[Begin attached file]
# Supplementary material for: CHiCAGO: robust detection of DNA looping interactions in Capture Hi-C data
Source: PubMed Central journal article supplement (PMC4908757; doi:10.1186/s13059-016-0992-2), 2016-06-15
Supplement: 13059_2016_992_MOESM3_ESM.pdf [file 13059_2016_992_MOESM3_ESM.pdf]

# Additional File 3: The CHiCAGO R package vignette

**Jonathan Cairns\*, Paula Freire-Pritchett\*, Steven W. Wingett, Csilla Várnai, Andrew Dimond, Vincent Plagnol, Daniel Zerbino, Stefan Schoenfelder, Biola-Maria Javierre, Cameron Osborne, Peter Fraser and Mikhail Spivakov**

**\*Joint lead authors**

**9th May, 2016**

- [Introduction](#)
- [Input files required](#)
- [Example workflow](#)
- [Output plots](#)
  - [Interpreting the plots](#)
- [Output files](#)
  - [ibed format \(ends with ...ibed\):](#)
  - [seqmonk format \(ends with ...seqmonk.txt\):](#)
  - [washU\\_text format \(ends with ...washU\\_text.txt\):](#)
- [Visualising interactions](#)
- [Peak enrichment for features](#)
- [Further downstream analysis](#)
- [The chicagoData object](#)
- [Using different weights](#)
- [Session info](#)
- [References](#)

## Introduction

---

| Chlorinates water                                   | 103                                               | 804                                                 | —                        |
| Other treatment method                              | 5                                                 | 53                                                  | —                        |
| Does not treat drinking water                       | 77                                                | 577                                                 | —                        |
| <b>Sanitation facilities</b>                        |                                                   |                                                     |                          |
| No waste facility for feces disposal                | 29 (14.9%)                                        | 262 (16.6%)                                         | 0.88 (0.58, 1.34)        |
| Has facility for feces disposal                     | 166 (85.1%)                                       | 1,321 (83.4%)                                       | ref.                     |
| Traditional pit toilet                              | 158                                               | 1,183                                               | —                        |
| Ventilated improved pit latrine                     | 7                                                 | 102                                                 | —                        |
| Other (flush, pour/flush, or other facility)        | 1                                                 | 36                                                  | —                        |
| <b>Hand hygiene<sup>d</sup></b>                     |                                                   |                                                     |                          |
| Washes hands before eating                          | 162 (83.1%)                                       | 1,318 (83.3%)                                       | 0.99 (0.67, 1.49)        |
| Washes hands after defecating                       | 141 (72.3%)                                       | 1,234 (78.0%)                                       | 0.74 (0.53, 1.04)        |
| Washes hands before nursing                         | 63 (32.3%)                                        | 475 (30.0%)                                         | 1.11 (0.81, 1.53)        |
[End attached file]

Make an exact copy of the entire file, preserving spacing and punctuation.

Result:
# Supplementary material for: CHiCAGO: robust detection of DNA looping interactions in Capture Hi-C data
Source: PubMed Central journal article supplement (PMC4908757; doi:10.1186/s13059-016-0992-2), 2016-06-15
Supplement: 13059_2016_992_MOESM3_ESM.pdf [file 13059_2016_992_MOESM3_ESM.pdf]

# Additional File 3: The CHiCAGO R package vignette

**Jonathan Cairns\*, Paula Freire-Pritchett\*, Steven W. Wingett, Csilla Várnai, Andrew Dimond, Vincent Plagnol, Daniel Zerbino, Stefan Schoenfelder, Biola-Maria Javierre, Cameron Osborne, Peter Fraser and Mikhail Spivakov**

**\*Joint lead authors**

**9th May, 2016**

- [Introduction](#)
- [Input files required](#)
- [Example workflow](#)
- [Output plots](#)
  - [Interpreting the plots](#)
- [Output files](#)
  - [ibed format \(ends with ...ibed\):](#)
  - [seqmonk format \(ends with ...seqmonk.txt\):](#)
  - [washU\\_text format \(ends with ...washU\\_text.txt\):](#)
- [Visualising interactions](#)
- [Peak enrichment for features](#)
- [Further downstream analysis](#)
- [The chicagoData object](#)
- [Using different weights](#)
- [Session info](#)
- [References](#)

## Introduction

---

| Chlorinates water                                   | 103                                               | 804                                                 | —                        |
| Other treatment method                              | 5                                                 | 53                                                  | —                        |
| Does not treat drinking water                       | 77                                                | 577                                                 | —                        |
| <b>Sanitation facilities</b>                        |                                                   |                                                     |                          |
| No waste facility for feces disposal                | 29 (14.9%)                                        | 262 (16.6%)                                         | 0.88 (0.58, 1.34)        |
| Has facility for feces disposal                     | 166 (85.1%)                                       | 1,321 (83.4%)                                       | ref.                     |
| Traditional pit toilet                              | 158                                               | 1,183                                               | —                        |
| Ventilated improved pit latrine                     | 7                                                 | 102                                                 | —                        |
| Other (flush, pour/flush, or other facility)        | 1                                                 | 36                                                  | —                        |
| <b>Hand hygiene<sup>d</sup></b>                     |                                                   |                                                     |                          |
| Washes hands before eating                          | 162 (83.1%)                                       | 1,318 (83.3%)                                       | 0.99 (0.67, 1.49)        |
| Washes hands after defecating                       | 141 (72.3%)                                       | 1,234 (78.0%)                                       | 0.74 (0.53, 1.04)        |
| Washes hands before nursing                         | 63 (32.3%)                                        | 475 (30.0%)                                         | 1.11 (0.81, 1.53)        |